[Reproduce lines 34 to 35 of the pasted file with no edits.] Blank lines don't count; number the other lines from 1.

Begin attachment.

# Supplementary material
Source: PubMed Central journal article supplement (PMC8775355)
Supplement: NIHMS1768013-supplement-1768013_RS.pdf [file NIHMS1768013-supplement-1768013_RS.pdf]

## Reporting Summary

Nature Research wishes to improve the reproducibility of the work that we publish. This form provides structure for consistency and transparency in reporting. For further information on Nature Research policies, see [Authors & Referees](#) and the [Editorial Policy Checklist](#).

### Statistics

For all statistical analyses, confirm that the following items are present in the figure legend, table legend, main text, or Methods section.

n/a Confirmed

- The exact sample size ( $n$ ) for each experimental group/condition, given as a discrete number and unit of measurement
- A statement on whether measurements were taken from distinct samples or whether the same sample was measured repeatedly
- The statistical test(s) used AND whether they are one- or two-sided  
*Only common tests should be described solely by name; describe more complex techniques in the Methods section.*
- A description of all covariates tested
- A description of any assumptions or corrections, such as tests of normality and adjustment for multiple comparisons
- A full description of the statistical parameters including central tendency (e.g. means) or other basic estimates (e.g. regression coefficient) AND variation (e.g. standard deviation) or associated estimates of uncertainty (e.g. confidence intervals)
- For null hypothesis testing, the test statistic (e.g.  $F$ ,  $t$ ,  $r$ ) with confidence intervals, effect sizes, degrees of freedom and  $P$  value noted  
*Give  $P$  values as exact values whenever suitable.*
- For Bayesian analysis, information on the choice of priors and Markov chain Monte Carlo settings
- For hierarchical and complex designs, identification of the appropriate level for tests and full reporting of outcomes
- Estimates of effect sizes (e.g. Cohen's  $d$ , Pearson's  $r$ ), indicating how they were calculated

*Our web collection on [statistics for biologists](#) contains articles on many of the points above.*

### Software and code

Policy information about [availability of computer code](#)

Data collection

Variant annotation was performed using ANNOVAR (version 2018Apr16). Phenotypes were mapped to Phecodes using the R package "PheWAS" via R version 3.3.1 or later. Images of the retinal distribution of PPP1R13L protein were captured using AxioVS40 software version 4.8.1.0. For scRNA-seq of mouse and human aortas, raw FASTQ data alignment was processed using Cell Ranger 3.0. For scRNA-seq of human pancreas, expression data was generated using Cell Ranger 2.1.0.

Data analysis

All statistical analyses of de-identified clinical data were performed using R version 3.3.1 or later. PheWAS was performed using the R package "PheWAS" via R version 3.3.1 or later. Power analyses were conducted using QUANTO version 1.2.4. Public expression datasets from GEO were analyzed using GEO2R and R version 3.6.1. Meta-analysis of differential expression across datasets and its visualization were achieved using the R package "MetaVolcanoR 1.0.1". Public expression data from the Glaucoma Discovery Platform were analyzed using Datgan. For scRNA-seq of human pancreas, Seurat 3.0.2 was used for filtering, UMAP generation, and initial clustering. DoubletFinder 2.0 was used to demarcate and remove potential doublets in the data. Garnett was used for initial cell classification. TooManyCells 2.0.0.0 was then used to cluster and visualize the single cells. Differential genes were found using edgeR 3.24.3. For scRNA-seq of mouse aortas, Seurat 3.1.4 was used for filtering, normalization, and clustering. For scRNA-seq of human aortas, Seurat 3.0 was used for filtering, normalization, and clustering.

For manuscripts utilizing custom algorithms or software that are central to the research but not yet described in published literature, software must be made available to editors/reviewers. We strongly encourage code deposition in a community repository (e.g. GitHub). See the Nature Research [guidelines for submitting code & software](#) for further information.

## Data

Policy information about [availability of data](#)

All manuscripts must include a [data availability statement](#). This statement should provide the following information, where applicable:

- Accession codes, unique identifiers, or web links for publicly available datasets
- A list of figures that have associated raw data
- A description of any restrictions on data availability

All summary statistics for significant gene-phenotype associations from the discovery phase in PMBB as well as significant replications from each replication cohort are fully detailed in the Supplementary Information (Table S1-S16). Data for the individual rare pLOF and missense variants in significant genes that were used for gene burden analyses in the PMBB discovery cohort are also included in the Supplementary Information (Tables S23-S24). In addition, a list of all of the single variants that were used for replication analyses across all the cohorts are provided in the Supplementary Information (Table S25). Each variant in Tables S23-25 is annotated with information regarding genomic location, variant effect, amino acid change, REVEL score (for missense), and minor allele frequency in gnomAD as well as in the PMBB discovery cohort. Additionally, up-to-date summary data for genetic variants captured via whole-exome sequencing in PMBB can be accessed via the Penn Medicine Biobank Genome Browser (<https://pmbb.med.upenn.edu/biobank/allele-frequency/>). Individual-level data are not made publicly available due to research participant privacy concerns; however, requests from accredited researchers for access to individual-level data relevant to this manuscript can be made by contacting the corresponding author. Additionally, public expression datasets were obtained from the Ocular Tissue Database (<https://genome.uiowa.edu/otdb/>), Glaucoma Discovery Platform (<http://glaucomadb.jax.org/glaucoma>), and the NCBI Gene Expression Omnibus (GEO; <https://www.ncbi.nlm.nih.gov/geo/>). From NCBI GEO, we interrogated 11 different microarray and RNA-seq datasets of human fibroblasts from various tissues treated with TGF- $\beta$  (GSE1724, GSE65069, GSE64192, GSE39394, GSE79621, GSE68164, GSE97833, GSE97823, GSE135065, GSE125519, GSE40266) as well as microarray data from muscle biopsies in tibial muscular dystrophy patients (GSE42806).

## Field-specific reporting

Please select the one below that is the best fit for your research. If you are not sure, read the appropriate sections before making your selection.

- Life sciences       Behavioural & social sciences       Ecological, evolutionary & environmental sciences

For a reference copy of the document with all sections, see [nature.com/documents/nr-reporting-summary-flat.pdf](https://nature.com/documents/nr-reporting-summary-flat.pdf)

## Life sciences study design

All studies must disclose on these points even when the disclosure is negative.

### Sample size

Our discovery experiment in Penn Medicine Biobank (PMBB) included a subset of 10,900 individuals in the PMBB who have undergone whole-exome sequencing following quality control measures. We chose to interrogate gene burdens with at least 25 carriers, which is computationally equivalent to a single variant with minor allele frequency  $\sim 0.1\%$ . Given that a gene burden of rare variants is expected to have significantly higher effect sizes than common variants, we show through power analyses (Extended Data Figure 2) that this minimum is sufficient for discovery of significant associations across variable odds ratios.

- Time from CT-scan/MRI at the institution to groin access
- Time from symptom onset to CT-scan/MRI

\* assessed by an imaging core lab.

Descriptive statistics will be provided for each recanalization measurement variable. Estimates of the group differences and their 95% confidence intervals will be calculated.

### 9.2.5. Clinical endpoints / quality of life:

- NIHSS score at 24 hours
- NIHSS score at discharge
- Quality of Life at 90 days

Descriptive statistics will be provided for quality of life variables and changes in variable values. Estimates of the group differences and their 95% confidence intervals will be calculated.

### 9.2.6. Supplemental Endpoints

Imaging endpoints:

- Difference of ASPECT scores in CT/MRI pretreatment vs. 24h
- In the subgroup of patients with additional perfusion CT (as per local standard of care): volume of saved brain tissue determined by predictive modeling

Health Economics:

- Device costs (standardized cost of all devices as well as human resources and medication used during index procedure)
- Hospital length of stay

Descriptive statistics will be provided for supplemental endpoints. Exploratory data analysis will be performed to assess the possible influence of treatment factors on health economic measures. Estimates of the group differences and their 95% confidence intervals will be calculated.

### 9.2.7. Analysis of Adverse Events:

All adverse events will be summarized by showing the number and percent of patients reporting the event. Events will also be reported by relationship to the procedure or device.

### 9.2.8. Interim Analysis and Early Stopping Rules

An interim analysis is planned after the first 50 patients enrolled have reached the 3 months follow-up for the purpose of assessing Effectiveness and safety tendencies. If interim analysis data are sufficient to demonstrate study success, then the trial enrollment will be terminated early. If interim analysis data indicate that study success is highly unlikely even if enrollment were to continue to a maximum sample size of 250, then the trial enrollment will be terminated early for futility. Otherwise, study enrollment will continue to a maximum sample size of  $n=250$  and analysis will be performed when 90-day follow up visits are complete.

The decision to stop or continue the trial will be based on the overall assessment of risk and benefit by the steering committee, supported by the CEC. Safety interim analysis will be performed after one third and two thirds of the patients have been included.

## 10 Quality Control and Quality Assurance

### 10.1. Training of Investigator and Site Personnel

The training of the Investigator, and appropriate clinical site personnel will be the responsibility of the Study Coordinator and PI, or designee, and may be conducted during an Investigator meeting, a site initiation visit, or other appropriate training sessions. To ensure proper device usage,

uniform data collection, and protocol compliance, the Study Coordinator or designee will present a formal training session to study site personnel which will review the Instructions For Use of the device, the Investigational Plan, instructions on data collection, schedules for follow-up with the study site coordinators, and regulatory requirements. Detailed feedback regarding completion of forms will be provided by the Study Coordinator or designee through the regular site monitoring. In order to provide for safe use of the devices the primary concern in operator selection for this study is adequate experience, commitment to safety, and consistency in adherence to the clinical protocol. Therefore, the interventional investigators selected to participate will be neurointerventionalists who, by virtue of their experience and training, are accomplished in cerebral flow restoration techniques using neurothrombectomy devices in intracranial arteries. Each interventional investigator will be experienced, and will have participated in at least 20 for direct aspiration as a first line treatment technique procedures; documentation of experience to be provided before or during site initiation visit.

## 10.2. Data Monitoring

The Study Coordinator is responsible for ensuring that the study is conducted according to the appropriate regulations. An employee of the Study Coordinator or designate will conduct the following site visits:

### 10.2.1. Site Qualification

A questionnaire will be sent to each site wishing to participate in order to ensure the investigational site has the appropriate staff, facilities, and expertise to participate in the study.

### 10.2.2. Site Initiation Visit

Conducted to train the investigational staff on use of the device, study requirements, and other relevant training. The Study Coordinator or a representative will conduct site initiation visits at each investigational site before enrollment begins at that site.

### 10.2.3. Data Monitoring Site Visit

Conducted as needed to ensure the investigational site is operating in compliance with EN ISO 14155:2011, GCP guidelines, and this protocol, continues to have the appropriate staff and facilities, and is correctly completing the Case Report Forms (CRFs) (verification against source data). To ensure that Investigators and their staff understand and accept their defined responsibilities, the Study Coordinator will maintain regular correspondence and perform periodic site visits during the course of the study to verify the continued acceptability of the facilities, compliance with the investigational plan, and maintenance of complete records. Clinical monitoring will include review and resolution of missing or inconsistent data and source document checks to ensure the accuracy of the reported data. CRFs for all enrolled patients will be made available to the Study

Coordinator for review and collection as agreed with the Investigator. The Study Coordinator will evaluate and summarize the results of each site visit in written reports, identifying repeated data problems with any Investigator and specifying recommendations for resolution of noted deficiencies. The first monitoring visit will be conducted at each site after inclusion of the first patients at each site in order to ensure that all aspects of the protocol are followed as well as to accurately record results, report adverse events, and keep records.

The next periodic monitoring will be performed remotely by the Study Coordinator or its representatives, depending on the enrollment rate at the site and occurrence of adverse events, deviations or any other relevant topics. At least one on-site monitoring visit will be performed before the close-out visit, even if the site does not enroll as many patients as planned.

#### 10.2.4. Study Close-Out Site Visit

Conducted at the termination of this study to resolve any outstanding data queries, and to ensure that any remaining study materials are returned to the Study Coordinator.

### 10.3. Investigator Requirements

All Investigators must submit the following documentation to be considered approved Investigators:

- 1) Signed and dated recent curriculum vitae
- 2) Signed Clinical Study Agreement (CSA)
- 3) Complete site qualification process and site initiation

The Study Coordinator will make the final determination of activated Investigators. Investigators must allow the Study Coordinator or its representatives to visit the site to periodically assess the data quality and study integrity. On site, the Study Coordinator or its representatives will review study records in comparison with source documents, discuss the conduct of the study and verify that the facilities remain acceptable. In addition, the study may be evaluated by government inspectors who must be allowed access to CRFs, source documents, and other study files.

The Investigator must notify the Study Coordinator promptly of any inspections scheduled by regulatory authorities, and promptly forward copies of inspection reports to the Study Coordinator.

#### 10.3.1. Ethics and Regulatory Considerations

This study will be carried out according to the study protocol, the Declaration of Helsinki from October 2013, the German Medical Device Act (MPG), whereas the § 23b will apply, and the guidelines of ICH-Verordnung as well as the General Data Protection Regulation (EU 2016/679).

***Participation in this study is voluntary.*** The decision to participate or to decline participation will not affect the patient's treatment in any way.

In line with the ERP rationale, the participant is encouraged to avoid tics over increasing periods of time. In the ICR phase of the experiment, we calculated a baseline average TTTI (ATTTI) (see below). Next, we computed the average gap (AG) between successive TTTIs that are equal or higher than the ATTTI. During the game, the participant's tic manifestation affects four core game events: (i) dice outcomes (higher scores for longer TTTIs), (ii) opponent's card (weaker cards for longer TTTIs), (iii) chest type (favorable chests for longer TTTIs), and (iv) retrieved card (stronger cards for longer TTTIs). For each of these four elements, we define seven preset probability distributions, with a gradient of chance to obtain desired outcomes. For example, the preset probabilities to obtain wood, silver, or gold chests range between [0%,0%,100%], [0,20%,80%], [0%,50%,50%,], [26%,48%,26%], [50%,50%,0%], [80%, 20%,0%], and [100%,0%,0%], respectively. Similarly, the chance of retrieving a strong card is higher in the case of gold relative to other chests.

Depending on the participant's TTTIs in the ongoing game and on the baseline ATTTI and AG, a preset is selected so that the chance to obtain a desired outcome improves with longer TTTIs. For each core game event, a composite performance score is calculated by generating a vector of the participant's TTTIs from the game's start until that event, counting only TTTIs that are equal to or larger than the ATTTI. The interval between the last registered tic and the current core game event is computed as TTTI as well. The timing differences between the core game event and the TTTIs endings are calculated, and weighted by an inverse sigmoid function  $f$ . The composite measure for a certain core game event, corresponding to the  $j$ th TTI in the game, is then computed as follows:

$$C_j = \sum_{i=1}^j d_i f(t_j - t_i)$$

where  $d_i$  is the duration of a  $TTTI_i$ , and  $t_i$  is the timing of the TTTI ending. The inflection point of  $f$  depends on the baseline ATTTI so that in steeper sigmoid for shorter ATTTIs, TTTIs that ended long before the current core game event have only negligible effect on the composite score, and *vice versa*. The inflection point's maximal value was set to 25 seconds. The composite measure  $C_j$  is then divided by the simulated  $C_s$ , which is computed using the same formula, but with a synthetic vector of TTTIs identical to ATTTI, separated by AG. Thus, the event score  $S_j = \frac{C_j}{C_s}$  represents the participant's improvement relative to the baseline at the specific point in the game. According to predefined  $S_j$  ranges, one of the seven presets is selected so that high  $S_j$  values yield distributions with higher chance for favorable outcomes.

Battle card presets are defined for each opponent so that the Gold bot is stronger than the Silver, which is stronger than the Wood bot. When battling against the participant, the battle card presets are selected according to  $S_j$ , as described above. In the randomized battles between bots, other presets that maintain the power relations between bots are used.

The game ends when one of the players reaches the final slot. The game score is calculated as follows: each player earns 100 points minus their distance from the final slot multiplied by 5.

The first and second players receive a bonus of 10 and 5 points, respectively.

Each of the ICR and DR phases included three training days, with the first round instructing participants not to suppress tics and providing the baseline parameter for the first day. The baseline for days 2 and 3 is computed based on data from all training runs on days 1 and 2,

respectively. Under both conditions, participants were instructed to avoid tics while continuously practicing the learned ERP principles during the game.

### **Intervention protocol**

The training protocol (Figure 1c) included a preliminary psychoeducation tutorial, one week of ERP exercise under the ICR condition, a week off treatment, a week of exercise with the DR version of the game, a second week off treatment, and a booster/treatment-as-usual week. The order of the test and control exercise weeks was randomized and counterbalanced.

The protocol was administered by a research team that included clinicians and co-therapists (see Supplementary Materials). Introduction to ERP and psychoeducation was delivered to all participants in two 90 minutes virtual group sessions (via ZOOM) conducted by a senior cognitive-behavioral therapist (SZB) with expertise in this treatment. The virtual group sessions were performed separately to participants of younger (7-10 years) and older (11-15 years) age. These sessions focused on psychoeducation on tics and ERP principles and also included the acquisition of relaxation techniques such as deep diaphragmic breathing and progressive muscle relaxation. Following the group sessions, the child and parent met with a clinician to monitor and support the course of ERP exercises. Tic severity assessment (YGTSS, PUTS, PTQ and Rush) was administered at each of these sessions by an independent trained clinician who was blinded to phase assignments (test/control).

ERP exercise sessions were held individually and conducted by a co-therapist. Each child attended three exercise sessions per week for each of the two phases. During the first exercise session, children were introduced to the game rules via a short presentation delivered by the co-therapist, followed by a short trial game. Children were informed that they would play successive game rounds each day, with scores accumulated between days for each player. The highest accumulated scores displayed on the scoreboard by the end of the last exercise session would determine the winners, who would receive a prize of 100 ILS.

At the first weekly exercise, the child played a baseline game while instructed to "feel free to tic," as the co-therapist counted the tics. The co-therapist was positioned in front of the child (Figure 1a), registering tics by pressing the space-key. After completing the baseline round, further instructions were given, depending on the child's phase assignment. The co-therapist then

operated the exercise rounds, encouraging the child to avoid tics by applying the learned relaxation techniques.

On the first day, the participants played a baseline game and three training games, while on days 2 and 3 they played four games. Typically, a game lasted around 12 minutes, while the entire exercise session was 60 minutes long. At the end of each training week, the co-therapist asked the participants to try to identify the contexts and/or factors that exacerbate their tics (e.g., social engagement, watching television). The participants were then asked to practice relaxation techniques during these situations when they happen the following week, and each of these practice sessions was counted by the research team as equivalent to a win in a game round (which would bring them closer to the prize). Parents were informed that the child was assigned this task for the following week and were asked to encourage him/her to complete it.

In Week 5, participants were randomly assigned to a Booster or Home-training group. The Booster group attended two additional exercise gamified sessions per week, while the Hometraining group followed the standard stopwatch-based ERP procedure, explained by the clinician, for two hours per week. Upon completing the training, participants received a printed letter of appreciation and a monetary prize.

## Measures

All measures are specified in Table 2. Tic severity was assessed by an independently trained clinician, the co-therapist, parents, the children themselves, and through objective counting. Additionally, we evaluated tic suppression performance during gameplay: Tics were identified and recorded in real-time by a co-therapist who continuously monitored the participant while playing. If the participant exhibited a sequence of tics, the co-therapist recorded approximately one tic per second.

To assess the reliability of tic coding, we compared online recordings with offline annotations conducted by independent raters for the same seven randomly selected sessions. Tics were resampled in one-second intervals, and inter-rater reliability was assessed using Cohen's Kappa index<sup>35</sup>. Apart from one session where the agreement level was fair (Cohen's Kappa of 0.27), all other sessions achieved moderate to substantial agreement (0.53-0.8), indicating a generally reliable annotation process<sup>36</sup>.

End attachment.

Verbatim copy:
- A description of any restrictions on data availability

All summary statistics for significant gene-phenotype associations from the discovery phase in PMBB as well as significant replications from each replication cohort are fully detailed in the Supplementary Information (Table S1-S16). Data for the individual rare pLOF and missense variants in significant genes that were used for gene burden analyses in the PMBB discovery cohort are also included in the Supplementary Information (Tables S23-S24). In addition, a list of all of the single variants that were used for replication analyses across all the cohorts are provided in the Supplementary Information (Table S25). Each variant in Tables S23-25 is annotated with information regarding genomic location, variant effect, amino acid change, REVEL score (for missense), and minor allele frequency in gnomAD as well as in the PMBB discovery cohort. Additionally, up-to-date summary data for genetic variants captured via whole-exome sequencing in PMBB can be accessed via the Penn Medicine Biobank Genome Browser (<https://pmbb.med.upenn.edu/biobank/allele-frequency/>). Individual-level data are not made publicly available due to research participant privacy concerns; however, requests from accredited researchers for access to individual-level data relevant to this manuscript can be made by contacting the corresponding author. Additionally, public expression datasets were obtained from the Ocular Tissue Database (<https://genome.uiowa.edu/otdb/>), Glaucoma Discovery Platform (<http://glaucomadb.jax.org/glaucoma>), and the NCBI Gene Expression Omnibus (GEO; <https://www.ncbi.nlm.nih.gov/geo/>). From NCBI GEO, we interrogated 11 different microarray and RNA-seq datasets of human fibroblasts from various tissues treated with TGF- $\beta$  (GSE1724, GSE65069, GSE64192, GSE39394, GSE79621, GSE68164, GSE97833, GSE97823, GSE135065, GSE125519, GSE40266) as well as microarray data from muscle biopsies in tibial muscular dystrophy patients (GSE42806).